- How to Transfer a Car Loan to Another Person
- Is It Best to Pay Off a Previous Car Loan Before Getting Another One?
- How to Buy a Car From a Deceased Person's Estate
- Does Auto Insurance Cover a Car When the Owner Is Deceased?
- What Is the Difference Between a Co-Applicant & Joint Applicant for a Car Loan?
- When Can One Exlude a Car Loan From Debt to Income?
When someone dies, creditors don't automatically cancel their debts. If a loved one dies and leaves behind a car loan, the lender will still expect to receive payment. Depending on the circumstances, you can assume the loan's payments, acquire a new loan in your name or allow the estate to pay the debt in full. However, few lenders will allow you to transfer an existing loan into your name.
Lenders don't typically allow another person to assume a deceased individual's car loan. If the car transferred to a new owner upon death, or was part of a trust, the lender will allow someone else to assume the loan's payments. If the loan goes into default, however, the lender will repossess the vehicle. If you inherited the vehicle and want the loan to be in your name, you can request a refinance.
If the deceased individual's estate goes through probate, the lender will usually file a claim against the estate for the balance of the car loan. In this case, it won't be possible to transfer the loan. To pay the estate's debt, the estate's executor must sell the deceased's assets. The car can be sold as well. All proceeds less than or equal to the car loan's balance must go to the car loan lender. However, if the deceased had enough money or other assets to pay the car loan without selling the car, the lender will release his lien and the car will pass to an heir.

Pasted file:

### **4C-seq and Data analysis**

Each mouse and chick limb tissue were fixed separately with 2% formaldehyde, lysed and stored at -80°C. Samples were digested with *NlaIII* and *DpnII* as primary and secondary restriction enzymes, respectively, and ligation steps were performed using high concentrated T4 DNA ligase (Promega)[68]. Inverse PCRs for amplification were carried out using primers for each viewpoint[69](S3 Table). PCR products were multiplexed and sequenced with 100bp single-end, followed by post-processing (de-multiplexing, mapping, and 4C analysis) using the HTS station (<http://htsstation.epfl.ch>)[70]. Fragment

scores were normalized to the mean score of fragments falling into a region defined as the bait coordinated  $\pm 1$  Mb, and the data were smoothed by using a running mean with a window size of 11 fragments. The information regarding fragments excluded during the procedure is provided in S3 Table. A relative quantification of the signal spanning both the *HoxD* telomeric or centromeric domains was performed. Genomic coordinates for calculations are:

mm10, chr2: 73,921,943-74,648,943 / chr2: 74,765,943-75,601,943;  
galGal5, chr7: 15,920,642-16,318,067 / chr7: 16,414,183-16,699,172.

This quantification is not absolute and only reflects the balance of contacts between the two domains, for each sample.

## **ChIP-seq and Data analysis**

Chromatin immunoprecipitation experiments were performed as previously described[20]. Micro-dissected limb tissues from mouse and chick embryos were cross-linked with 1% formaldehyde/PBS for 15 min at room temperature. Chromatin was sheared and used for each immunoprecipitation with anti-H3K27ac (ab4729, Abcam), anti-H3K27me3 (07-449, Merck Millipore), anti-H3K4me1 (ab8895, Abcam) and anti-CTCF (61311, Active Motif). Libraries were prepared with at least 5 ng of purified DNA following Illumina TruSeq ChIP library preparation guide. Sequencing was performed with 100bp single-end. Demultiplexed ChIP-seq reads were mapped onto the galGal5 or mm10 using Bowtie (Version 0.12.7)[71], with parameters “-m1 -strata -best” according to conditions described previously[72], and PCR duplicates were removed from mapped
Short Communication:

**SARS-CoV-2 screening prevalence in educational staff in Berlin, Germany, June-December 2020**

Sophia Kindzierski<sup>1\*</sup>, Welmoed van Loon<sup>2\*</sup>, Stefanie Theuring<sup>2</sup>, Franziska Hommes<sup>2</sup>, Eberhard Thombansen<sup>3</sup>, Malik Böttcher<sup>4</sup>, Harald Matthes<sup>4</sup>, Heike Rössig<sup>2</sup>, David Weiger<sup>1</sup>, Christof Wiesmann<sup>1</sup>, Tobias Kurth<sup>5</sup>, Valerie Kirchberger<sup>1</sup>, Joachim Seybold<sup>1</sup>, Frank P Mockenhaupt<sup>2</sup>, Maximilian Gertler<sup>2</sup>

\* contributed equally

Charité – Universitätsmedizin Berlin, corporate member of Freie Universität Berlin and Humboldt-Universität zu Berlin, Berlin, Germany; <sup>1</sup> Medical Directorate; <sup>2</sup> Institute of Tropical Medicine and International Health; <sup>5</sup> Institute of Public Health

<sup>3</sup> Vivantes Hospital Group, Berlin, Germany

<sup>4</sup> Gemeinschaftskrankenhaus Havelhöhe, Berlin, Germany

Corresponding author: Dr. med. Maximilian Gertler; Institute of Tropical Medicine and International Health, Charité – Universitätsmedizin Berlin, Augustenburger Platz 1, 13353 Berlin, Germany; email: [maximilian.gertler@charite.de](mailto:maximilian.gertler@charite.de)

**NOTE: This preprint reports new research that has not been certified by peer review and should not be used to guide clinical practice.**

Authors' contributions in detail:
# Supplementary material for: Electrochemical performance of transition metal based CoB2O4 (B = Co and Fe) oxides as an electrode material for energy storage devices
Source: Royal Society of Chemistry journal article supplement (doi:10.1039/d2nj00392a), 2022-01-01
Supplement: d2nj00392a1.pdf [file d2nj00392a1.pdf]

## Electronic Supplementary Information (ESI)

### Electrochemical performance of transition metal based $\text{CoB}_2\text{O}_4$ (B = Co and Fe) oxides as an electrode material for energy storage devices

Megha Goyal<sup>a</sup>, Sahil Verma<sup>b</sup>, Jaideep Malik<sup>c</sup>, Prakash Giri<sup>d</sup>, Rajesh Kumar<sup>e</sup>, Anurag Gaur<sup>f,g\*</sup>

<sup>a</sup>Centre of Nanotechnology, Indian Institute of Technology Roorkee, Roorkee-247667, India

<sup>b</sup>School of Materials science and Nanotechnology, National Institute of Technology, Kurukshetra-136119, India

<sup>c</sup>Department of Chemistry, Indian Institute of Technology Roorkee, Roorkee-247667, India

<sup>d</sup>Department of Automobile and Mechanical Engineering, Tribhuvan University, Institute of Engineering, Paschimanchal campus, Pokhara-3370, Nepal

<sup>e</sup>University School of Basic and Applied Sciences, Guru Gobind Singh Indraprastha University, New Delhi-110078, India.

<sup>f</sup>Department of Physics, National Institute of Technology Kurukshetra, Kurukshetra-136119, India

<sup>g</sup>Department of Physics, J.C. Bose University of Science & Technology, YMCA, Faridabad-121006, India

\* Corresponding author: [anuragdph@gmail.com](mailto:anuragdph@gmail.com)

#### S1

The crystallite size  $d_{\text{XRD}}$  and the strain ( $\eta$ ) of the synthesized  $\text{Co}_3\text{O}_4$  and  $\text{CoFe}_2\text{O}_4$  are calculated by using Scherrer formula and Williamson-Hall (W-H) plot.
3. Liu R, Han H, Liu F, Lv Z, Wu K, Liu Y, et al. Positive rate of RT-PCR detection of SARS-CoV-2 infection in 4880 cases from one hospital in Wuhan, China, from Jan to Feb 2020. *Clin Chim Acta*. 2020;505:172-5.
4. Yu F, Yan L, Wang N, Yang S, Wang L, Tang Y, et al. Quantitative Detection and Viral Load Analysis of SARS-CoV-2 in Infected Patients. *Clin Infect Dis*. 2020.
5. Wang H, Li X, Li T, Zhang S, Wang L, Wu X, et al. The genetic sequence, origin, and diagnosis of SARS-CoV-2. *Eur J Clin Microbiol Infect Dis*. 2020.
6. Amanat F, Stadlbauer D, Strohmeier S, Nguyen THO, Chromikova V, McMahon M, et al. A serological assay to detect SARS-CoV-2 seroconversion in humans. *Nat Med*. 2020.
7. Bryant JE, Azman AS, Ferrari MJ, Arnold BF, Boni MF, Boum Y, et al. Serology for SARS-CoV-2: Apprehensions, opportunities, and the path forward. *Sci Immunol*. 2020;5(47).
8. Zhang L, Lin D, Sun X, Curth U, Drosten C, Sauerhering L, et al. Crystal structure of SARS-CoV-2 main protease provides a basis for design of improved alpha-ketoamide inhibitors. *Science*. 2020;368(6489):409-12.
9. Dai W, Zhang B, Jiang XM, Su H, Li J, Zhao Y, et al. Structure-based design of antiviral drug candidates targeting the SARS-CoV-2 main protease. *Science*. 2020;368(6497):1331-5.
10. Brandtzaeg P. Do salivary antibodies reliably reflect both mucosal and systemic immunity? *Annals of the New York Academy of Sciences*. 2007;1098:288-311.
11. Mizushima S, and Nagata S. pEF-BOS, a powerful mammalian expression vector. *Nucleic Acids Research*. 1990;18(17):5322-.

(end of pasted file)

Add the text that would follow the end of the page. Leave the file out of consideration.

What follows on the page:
If a vehicle is owned and financed by two people, the death of one doesn't cancel the other's responsibility for the loan. In such cases, the other borrower must continue paying the loan, and no transfer will be necessary. If the car loan had a cosigner who did not inherit the vehicle, the cosigner will be responsible for the loan payments, but the vehicle will pass to its designated heir. If the heir wants to take responsibility for the car payments, he must refinance the loan in his own name.
Regardless of who is responsible for the loan, the lender can repossess the vehicle if the payments stop coming. In cases where the estate's assets are insufficient to pay the car loan's entire balance, the executor can elect to make payments on the car during probate but discontinue them at the end of the proceedings. The individual who inherits the car can take over the payments when probate is closed. However, if at any point the loan goes into default, the lender can repossess the car.